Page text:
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Productivity and Trophic Interactions in the Missouri River Impoundments

Mark J. Fincel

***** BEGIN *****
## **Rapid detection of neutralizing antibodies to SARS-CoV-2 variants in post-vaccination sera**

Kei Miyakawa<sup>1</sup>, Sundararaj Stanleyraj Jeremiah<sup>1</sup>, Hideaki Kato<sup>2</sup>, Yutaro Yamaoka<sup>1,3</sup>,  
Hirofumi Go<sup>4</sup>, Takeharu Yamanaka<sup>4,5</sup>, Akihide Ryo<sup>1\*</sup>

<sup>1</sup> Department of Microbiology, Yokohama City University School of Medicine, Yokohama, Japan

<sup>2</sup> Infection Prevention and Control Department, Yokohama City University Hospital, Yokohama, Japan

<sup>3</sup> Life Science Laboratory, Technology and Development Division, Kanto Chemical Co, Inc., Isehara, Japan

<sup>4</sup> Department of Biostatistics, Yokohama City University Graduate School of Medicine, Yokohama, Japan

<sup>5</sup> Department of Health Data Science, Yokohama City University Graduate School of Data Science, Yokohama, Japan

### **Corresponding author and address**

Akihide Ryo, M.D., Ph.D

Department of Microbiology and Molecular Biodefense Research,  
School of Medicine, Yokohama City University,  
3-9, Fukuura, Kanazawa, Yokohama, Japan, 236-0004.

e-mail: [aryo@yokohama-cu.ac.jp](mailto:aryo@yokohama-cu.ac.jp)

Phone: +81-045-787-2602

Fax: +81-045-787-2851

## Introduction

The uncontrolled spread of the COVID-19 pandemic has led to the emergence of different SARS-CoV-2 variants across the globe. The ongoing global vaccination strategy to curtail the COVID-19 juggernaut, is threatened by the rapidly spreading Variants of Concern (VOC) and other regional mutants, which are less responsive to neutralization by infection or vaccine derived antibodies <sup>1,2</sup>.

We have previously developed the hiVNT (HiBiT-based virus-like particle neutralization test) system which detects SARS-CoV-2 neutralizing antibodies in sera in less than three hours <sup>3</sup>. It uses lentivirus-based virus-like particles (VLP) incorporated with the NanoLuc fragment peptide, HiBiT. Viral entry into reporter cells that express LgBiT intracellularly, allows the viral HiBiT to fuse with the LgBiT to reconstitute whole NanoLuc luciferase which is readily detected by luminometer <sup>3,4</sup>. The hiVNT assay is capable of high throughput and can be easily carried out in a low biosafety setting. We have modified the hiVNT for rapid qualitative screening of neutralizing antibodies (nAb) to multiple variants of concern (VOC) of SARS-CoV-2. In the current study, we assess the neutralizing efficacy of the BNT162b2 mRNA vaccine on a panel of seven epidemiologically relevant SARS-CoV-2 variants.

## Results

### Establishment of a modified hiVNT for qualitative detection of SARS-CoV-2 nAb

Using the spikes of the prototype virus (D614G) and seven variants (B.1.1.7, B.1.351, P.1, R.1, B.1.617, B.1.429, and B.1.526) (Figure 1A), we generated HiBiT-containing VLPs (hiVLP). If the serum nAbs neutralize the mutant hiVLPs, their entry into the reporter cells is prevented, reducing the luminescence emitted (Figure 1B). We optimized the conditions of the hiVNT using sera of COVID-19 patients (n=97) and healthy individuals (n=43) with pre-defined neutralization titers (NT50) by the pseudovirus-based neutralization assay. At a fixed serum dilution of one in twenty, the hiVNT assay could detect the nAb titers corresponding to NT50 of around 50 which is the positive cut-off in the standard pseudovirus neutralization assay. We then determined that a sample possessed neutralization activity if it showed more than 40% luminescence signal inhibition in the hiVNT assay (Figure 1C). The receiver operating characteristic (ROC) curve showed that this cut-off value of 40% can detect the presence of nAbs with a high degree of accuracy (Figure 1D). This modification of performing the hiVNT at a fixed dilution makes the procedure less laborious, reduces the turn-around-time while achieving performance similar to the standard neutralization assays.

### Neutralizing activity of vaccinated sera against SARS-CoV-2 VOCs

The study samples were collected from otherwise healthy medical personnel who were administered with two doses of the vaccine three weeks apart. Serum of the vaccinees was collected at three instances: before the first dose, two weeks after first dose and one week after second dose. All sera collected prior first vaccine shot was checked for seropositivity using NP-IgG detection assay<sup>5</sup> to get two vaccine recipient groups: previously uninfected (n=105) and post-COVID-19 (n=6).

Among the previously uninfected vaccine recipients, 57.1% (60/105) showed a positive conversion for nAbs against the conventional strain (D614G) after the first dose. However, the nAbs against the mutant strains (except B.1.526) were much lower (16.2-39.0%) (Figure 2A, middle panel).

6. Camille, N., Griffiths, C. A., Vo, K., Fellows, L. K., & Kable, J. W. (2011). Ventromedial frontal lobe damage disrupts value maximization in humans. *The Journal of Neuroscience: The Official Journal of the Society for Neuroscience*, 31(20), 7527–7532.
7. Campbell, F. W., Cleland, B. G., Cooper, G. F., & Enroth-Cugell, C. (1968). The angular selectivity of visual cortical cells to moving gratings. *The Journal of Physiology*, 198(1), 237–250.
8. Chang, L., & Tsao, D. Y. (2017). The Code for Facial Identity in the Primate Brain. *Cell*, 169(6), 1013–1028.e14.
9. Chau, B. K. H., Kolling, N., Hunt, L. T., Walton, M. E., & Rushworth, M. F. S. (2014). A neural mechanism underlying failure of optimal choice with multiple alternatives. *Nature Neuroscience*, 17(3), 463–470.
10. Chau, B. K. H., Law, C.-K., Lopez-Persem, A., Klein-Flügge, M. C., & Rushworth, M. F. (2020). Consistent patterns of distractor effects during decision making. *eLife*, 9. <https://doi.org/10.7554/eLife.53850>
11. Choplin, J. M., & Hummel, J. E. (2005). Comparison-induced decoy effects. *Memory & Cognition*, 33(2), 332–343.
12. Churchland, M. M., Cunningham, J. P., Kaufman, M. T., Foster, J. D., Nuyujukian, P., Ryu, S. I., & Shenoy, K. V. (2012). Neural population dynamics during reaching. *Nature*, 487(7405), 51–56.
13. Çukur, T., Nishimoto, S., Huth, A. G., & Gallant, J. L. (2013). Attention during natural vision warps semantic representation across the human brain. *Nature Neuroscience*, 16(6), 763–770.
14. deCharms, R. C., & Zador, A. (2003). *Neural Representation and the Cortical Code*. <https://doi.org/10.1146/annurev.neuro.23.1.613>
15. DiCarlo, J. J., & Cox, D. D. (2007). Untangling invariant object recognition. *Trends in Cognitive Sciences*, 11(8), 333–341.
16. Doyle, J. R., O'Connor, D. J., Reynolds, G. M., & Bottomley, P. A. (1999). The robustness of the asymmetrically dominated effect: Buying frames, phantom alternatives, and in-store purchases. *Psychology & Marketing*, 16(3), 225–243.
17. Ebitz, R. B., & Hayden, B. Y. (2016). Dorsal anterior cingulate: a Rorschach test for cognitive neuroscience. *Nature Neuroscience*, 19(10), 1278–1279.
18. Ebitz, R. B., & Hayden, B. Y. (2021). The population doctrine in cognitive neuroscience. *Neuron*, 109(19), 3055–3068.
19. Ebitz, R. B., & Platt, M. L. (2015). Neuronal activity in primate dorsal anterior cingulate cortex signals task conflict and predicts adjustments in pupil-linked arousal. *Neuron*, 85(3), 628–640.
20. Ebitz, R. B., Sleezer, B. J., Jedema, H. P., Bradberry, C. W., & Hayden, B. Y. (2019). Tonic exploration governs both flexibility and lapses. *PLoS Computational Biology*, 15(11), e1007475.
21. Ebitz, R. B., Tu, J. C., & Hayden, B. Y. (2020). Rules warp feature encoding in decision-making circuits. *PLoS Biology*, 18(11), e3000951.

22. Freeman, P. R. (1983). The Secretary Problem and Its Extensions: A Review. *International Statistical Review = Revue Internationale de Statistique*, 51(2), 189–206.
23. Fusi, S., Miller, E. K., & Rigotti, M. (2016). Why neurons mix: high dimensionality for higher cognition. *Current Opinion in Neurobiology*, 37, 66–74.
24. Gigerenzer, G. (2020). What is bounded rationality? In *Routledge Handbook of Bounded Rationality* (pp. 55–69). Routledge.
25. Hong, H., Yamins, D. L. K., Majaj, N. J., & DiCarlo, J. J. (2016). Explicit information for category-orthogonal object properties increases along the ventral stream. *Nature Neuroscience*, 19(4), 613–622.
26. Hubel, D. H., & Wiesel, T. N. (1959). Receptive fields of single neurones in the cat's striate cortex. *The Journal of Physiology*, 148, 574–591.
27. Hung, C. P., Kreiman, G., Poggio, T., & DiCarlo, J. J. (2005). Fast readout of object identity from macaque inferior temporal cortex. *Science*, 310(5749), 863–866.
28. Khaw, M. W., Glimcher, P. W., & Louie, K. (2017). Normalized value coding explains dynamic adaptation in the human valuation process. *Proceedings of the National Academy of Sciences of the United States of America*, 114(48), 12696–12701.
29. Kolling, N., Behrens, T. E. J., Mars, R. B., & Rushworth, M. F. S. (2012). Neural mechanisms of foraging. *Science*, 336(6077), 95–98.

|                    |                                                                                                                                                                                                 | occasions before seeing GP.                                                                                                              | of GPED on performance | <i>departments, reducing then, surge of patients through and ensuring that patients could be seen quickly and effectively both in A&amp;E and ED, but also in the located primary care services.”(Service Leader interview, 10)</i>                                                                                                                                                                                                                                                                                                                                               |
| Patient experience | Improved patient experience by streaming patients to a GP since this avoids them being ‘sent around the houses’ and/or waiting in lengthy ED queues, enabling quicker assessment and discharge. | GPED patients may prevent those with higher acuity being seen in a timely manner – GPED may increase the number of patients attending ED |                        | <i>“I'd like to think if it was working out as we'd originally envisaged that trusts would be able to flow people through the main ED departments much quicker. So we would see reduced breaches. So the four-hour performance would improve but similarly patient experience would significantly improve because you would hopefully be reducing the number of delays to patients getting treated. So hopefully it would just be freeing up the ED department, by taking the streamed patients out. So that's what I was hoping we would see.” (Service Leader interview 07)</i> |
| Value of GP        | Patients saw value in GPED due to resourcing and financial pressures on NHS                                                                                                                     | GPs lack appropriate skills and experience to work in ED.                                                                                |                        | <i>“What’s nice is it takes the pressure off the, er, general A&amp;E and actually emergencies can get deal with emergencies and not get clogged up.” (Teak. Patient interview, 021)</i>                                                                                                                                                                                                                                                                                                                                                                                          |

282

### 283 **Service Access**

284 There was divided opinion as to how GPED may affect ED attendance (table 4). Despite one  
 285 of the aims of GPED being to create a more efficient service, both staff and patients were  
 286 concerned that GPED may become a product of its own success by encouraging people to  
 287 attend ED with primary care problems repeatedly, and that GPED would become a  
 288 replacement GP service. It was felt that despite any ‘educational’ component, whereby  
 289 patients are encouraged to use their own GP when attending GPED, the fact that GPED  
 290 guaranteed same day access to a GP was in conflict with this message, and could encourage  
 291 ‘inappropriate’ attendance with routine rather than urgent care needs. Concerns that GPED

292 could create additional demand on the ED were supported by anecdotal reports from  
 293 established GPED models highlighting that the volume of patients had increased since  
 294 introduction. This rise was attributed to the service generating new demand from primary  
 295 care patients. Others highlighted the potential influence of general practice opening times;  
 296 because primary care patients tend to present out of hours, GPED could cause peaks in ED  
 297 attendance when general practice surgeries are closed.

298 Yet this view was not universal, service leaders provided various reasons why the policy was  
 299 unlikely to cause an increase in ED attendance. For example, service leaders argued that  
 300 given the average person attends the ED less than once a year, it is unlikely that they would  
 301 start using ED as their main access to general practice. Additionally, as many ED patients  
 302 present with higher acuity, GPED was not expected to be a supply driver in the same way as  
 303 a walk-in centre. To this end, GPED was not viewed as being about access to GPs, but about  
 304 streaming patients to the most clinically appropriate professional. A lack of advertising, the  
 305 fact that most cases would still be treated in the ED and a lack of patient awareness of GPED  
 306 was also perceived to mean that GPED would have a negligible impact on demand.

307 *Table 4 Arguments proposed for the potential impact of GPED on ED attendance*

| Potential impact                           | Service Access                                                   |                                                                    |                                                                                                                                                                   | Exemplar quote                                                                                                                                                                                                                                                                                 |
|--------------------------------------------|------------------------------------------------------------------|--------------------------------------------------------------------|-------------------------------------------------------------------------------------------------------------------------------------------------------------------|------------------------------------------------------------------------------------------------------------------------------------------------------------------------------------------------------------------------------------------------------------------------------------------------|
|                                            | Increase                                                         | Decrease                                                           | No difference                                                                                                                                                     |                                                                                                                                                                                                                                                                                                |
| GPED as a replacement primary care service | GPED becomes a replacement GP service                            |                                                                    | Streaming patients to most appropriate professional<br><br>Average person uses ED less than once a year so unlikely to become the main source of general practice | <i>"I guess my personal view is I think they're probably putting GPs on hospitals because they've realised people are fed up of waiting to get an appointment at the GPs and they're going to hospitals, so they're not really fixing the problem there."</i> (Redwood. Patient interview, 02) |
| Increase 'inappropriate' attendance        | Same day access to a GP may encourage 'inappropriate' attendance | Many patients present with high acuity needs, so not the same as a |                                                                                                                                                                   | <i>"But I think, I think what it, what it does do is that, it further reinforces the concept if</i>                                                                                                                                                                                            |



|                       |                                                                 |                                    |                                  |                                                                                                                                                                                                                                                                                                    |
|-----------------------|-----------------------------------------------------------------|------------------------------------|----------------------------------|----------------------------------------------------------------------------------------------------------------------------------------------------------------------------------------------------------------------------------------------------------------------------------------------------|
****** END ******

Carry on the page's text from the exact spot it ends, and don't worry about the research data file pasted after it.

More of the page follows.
Standardized monitoring is a vital component of fisheries assessment in Missouri River impoundments. In South Dakota, annual variation in fish growth and abundance is used to monitor changes in fish populations and develop strategies (i.e. regulations) for managing recreational fishes. Although variation in fish abundance provides important insight into the status of fish populations, it can be difficult to link these changes to environmental conditions (i.e. hydrology) without concurrent information about reservoir productivity. Measures of nutrient concentration, algal biomass, and zooplankton composition/abundance provide important insights into reservoir productivity, but standardized approaches for collecting these measures have not been developed for Missouri River impoundments in South Dakota. Furthermore, development of protocols that account for spatial and temporal variation in these parameters would enhance our ability to understand factors affecting fish populations. Inter- and intra- reservoir variation in prey fish composition and abundance has an important effect on sport fish populations in the Missouri River. Coldwater habitat in Lake Oahe, for example, provides refuge for rainbow smelt Osmorus mordax --- a forage species that contributes significantly to walleye Sander vitreus production. In contrast, prey fish populations in downstream impoundments are dominated by gizzard shad Dorosoma cepedianum, cyprinids, and age-0 recreational fishes. In the late 1990s, the decline of rainbow smelt in Lake Oahe had significant impacts on walleye production. Although the smelt population has been recovering since the early 2000s, low water levels combined with the recent expansion of gizzard shad in Lake Oahe, have resulted in a unique food web never before observed in this system. As a result factors affecting gizzard shad abundance, distribution, and their contribution to the growth dynamics of walleyes in Lake Oahe are poorly understood. In addition to the trophic interactions of walleye and gizzard shad, similarities/differences between foraging patterns of walleye and sauger Sander canadenses, two similar species found throughout the Missouri River impoundments, were examined. Sauger is of particular concern in the Missouri River reservoirs due to population decline throughout the Midwest over the past 50 years. One hypothesis that could explain this downward trend in abundance is competition with walleye, a highly sought sport fish, which is frequently stocked in waters containing sauger. Examining isotopic overlap and variability in sympatric walleye and sauger populations could provide quantitative insight into energy transfer and diet breadth of each species. Linkages between Sander spp. diet and hybridization have yet to be addressed though likely important. I also wanted to develop protocols that can be used to monitor trophic linkages and energy flow using stable isotope analysis. More directly, I determined the feasibility of using nonlethal tissues for isotope analysis of walleye, and if whole fish can be substituted for muscle plugs for isotope determinations of common Missouri River prey species. To evaluate the need to document productivity throughout the Missouri River impoundments, to reveal gizzard shad population characteristics and their contribution to walleye growth dynamics, to examine isotopic characteristics between walleye and sauger, and to better standardize tissue use in future stable isotope analysis studies, I developed six primary objectives. These include: (1) develop protocols for indexing productivity in Missouri River impoundments, (2) determine gizzard shad population characteristics (age, growth, recruitment, larval growth rates, time of spawning, spawning duration) in Lake Oahe and compare these characteristics to those of gizzard shad populations in the lower Missouri River impoundments, (3) quantify the energetic contribution of gizzard shad and rainbow smelt to walleye growth, (4) compare isotopic overlap and variability between walleye and sauger in three Missouri River impoundments, (5) enhance the protocols used in stable isotope analysis and determine the usefulness of non-lethal tissues in isotope determination of South Dakota walleye and (6) compare/contrast prey fish isotope signatures using difference tissue analysis.